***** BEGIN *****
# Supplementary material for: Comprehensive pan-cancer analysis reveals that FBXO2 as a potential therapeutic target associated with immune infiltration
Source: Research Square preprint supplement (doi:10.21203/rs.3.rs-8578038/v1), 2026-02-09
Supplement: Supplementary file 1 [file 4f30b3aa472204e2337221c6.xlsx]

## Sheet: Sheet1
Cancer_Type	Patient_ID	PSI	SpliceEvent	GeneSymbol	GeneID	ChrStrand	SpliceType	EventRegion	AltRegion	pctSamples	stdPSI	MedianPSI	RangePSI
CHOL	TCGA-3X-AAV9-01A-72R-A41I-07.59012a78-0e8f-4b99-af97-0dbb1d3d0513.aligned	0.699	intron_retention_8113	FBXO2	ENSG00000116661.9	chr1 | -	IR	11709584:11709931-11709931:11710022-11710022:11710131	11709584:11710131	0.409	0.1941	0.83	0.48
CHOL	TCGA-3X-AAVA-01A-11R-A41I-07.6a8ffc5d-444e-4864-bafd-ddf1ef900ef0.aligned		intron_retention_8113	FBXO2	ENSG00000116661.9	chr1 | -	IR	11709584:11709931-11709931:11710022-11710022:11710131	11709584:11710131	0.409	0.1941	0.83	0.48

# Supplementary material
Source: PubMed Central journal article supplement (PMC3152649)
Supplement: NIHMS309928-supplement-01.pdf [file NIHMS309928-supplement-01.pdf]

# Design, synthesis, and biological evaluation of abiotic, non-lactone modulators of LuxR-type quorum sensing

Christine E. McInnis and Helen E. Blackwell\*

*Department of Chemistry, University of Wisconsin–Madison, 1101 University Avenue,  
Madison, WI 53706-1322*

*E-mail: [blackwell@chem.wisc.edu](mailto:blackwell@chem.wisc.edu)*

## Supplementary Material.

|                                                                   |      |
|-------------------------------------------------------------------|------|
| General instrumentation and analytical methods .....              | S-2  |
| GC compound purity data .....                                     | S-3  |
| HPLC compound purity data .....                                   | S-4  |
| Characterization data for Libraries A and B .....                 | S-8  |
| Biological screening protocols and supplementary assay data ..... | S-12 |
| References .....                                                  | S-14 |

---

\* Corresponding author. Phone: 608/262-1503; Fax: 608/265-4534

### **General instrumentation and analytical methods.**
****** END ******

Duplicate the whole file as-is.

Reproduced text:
# Supplementary material for: Comprehensive pan-cancer analysis reveals that FBXO2 as a potential therapeutic target associated with immune infiltration
Source: Research Square preprint supplement (doi:10.21203/rs.3.rs-8578038/v1), 2026-02-09
Supplement: Supplementary file 1 [file 4f30b3aa472204e2337221c6.xlsx]

## Sheet: Sheet1
Cancer_Type	Patient_ID	PSI	SpliceEvent	GeneSymbol	GeneID	ChrStrand	SpliceType	EventRegion	AltRegion	pctSamples	stdPSI	MedianPSI	RangePSI
CHOL	TCGA-3X-AAV9-01A-72R-A41I-07.59012a78-0e8f-4b99-af97-0dbb1d3d0513.aligned	0.699	intron_retention_8113	FBXO2	ENSG00000116661.9	chr1 | -	IR	11709584:11709931-11709931:11710022-11710022:11710131	11709584:11710131	0.409	0.1941	0.83	0.48
CHOL	TCGA-3X-AAVA-01A-11R-A41I-07.6a8ffc5d-444e-4864-bafd-ddf1ef900ef0.aligned		intron_retention_8113	FBXO2	ENSG00000116661.9	chr1 | -	IR	11709584:11709931-11709931:11710022-11710022:11710131	11709584:11710131	0.409	0.1941	0.83	0.48

# Supplementary material
Source: PubMed Central journal article supplement (PMC3152649)
Supplement: NIHMS309928-supplement-01.pdf [file NIHMS309928-supplement-01.pdf]

# Design, synthesis, and biological evaluation of abiotic, non-lactone modulators of LuxR-type quorum sensing

Christine E. McInnis and Helen E. Blackwell\*

*Department of Chemistry, University of Wisconsin–Madison, 1101 University Avenue,  
Madison, WI 53706-1322*

*E-mail: [blackwell@chem.wisc.edu](mailto:blackwell@chem.wisc.edu)*

## Supplementary Material.

|                                                                   |      |
|-------------------------------------------------------------------|------|
| General instrumentation and analytical methods .....              | S-2  |
| GC compound purity data .....                                     | S-3  |
| HPLC compound purity data .....                                   | S-4  |
| Characterization data for Libraries A and B .....                 | S-8  |
| Biological screening protocols and supplementary assay data ..... | S-12 |
| References .....                                                  | S-14 |

---

\* Corresponding author. Phone: 608/262-1503; Fax: 608/265-4534

### **General instrumentation and analytical methods.**